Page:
On a more serious note, another Arbiter line which should be of interest to the computer musician looking for a place to lay their mouse mat is the Fatar CMS61 PC MIDI keyboard. This is a 5‑octave MIDI controller keyboard; it has recesses in the top of its case to take your PC's QWERTY keyboard and a mouse mat. Since Fatar are busy acquiring a good reputation for their keyboards, it may be worth checking this out if you're in the market for a new master keyboard. If you prefer something more piano‑like, you could check out the new 900, an 88‑note controller with Fatar's patented hammer action. For more information on any of these products give Richard Fincher a call on 071 379 5607.

MPC Samplers?

A number of people have approached me over the last few months asking if they can use a Windows MPC sound card as a MIDI‑controlled sampler, say like an Akai S1000 or similar. And I can see why they think the PC could be used this way since, after all, a sampler is just a microcomputer with digital‑to‑analogue converters and lots of memory. Unfortunately, it's not as simple as this. A music sampler is optimised to read the sample memory and then play it back at differing pitches, for a varying number of 'voices', probably using a Digital Signal Processor (DSP) that has been specifically designed for the task. The processor in the PC is a more general purpose device which just doesn't have the 'horse power' to be able to read, pitch shift, and digitally mix multiple voices in real time. Using a normal MPC sound card under Windows, the best you can really expect is stereo replay — with the occasional bit of mixing, if you have a fast enough PC.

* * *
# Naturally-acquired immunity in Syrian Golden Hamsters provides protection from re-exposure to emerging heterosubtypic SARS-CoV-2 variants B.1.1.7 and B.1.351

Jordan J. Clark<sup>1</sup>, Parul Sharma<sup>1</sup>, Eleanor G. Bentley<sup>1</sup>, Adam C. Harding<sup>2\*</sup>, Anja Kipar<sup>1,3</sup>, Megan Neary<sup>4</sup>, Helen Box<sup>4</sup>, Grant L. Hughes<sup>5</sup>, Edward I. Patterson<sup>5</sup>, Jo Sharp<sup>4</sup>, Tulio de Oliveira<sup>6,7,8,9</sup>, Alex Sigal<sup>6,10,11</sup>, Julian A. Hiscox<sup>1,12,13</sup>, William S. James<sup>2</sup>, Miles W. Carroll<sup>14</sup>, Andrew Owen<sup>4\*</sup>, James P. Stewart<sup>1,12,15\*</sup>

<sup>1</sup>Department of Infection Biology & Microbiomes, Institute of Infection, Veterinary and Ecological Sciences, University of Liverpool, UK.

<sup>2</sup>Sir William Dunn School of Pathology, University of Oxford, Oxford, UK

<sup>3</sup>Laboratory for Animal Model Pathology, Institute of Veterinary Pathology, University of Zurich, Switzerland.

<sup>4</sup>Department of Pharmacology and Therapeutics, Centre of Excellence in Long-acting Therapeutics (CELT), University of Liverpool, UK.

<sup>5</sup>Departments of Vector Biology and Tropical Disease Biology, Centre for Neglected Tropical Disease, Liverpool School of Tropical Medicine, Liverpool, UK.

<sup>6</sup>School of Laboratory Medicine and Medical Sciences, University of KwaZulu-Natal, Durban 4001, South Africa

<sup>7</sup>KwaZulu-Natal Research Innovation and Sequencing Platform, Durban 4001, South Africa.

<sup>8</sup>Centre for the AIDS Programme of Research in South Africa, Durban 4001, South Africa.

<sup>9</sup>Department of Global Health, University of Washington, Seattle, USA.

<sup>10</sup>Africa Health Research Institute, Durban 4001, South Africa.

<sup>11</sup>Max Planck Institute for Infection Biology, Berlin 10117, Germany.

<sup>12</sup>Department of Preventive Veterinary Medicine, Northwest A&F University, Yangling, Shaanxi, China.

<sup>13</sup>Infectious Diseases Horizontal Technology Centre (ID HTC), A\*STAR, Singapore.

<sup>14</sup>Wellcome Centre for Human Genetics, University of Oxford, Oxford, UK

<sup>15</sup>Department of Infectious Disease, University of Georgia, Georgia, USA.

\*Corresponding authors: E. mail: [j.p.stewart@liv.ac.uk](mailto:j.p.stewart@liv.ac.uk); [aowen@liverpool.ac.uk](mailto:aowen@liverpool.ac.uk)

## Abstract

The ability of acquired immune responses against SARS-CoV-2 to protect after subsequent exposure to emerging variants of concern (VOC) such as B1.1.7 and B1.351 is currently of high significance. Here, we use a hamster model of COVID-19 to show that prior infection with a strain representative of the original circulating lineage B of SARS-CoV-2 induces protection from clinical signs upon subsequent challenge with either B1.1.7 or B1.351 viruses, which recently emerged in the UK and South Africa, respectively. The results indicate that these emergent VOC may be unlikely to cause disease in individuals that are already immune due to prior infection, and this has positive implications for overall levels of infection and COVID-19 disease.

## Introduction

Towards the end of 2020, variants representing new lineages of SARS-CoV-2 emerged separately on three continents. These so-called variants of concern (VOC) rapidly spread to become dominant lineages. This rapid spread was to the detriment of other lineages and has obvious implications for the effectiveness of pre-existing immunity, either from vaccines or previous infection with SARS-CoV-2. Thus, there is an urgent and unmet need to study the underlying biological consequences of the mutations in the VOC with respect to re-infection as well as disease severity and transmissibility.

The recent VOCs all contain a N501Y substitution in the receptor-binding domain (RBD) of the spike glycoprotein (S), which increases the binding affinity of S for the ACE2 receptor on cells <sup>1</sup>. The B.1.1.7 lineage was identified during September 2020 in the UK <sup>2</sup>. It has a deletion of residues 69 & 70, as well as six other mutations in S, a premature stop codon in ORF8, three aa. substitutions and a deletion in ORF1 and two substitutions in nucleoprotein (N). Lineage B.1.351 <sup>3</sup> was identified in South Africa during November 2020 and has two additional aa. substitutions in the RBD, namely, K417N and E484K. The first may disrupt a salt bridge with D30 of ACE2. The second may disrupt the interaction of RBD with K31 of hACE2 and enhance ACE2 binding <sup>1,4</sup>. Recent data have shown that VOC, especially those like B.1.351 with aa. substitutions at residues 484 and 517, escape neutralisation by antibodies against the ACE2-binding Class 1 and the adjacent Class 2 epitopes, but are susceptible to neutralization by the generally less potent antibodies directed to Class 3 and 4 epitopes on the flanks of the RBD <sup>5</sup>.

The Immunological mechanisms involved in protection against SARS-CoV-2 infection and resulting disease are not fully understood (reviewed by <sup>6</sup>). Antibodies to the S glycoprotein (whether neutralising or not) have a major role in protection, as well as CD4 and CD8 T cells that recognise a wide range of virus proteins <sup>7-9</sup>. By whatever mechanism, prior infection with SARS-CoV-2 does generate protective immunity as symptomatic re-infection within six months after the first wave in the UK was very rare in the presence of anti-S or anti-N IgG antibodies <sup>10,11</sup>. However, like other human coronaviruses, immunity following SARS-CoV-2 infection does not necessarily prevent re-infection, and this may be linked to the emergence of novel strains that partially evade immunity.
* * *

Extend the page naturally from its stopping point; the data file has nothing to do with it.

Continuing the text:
All is not lost though: the Gravis Ultrasound — which I talked about last month — and the new Turtle Beach Maui card have both been designed to side‑step the problem. Both these cards take a different approach to the normal MPC sound card, integrating a sample replayer — or a 'wavetable synthesizer', to give it another name — and place it and its sample RAM under the control of the PC. This means that you can use your PC's sound card (or someone else's!) to record the raw samples onto your hard disk, use your favourite .WAV file editor to clean up the data, and then download it to the sample RAM on the sample replay card. In the case of the Ultrasound, you have up to one megabyte of RAM available, while the Maui card gives you up to eight megabytes of sound data. Both Gravis and Turtle Beach provide the software to download and configure the replay of the samples, allowing you to set up such features as the loop points, key range, modulation etc. The Maui has the added advantage of being MPU‑401 compatible, allowing you to use it with a DOS sequencer if you wish.

Patch Maker Lite

If you have a Gravis Ultrasound and are having problems getting a copy of the Patch Maker Lite utility I mentioned last month, try giving Kim Boulton at Optech (0252 714340) a call; he may be able to help you out.